The sooner you submit your AMCAS application, the sooner it will be processed and the sooner you will be able to start secondary applications. It helps to be able to work on applications over the summer rather than during the school year. Set deadlines for yourself when completing the secondary applications. Try for quick turn-around times. While a typo-free application/essay may not get you into medical school, a typo may keep you out. Take the time to review and edit and re-edit your applications/essays. Let others edit for you. Professors are there to help too, if you ask enough in advance.

When writing your essay, I recommend buying a book with example essays of students that have gotten into medical school. There are several books to choose from, like Essays That Will Get You into Medical School.

Seniors- Its time to interview. Prepare for each interview.

Research the specific school so that you can show your interest in the school and your desire to go there. Look for specific things that attract you to that school. Look for things that the school is proud of. You are likely to get a question about one of these things.

Research a couple of current issues in medicine going on either locally, or bigger picture. You can do this by looking at an article in a medical journal from the Eckerd Library. It looks good when you are so committed to medicine that you can even describe or discuss a current event.

Research big controversial topics of medicine today. You can get hypothetical questions about what you would do in one of these situations. I went to a website by the AMA that discussed there stance on each of these issues. It is a safe answer to give the legally correct answer or if you can mention the legally bound answer and describe why you would want to oppose that if you could. A big issue of medicine today is health insurance. Know the basic differences between the different types of health insurance and health plans. (Don't go crazy, just know a few facts.)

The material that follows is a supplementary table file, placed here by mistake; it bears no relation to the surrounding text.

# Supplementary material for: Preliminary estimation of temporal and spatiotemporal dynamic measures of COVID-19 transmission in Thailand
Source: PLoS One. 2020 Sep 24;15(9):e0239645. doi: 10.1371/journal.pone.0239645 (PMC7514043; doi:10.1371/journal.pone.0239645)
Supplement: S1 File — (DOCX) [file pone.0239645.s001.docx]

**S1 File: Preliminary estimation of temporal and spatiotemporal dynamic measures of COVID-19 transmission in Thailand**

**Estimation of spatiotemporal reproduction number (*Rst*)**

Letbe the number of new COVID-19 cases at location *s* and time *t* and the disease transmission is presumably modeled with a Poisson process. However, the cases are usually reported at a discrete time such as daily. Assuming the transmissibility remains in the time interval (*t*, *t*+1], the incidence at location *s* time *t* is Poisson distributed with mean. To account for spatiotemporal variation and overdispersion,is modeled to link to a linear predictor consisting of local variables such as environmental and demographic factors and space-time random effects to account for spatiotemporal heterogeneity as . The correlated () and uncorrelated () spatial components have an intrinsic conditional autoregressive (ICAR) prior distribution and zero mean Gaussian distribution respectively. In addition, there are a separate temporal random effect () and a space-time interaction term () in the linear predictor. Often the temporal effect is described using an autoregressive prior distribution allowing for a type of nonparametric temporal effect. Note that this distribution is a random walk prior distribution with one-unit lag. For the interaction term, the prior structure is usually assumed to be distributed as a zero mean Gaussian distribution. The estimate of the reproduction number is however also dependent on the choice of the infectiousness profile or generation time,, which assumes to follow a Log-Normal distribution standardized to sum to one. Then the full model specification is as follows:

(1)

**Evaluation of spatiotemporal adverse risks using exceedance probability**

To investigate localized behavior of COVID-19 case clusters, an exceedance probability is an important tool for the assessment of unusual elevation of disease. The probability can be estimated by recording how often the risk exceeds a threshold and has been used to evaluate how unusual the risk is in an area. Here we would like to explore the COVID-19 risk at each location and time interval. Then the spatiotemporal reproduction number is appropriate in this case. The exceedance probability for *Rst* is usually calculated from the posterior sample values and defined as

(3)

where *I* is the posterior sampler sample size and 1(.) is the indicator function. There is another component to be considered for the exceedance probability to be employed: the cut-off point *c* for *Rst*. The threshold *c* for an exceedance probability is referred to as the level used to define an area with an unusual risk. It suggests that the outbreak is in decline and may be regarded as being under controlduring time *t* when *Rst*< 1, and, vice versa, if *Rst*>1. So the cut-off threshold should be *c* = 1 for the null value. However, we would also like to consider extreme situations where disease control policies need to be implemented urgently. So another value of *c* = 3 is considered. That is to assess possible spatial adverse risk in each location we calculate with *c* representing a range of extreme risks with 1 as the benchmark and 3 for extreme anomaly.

Know your application in and out. Know what you wrote in your essay. Every interview I had referred to something in my essay. If you did research, know what you did and be able to discuss it.

*****MOST IMPORTANT******To prepare for an interview go to studentdoctor.net There you can find a list of the questions that other applicants were asked. Read through the questions and you can quickly see that many themes or questions repeat. Be able to answer all of those questions. This website was dead-on accurate for every interview I did!!!

Be confident. Think of the interview as a conversation. Ask questions back. Practice with mock interviews.

This process can be expensive. Budget ahead of time. Costs can be cut on travel for interviews by staying with students. Don't skimp on your interview outfit. You need to have a real suit for this occasion, and you will stand out in a negative way if you don't. I had one outfit that I wore to every interview. It's ok.

You can't go wrong with a black suit. Look professional!!! Women usually where a skirt suit, but may be able to get away with a pant suit depending on the school. Wear a color that makes you feel confident.

Things I wish I would have done differently to make medical school easier:

  • Take Biochem I and II
  • Take Human Anatomy even if just an internet course from St Pete community college

Medical School?

Whether you're thinking of allopathic medicine, veterinary medicine, osteopathic medicine or dentistry, our Pre-Health Program can help put you on your path to medical school and beyond. 63% of all qualified Eckerd students gain acceptance to US allopathic (MD) medical schools.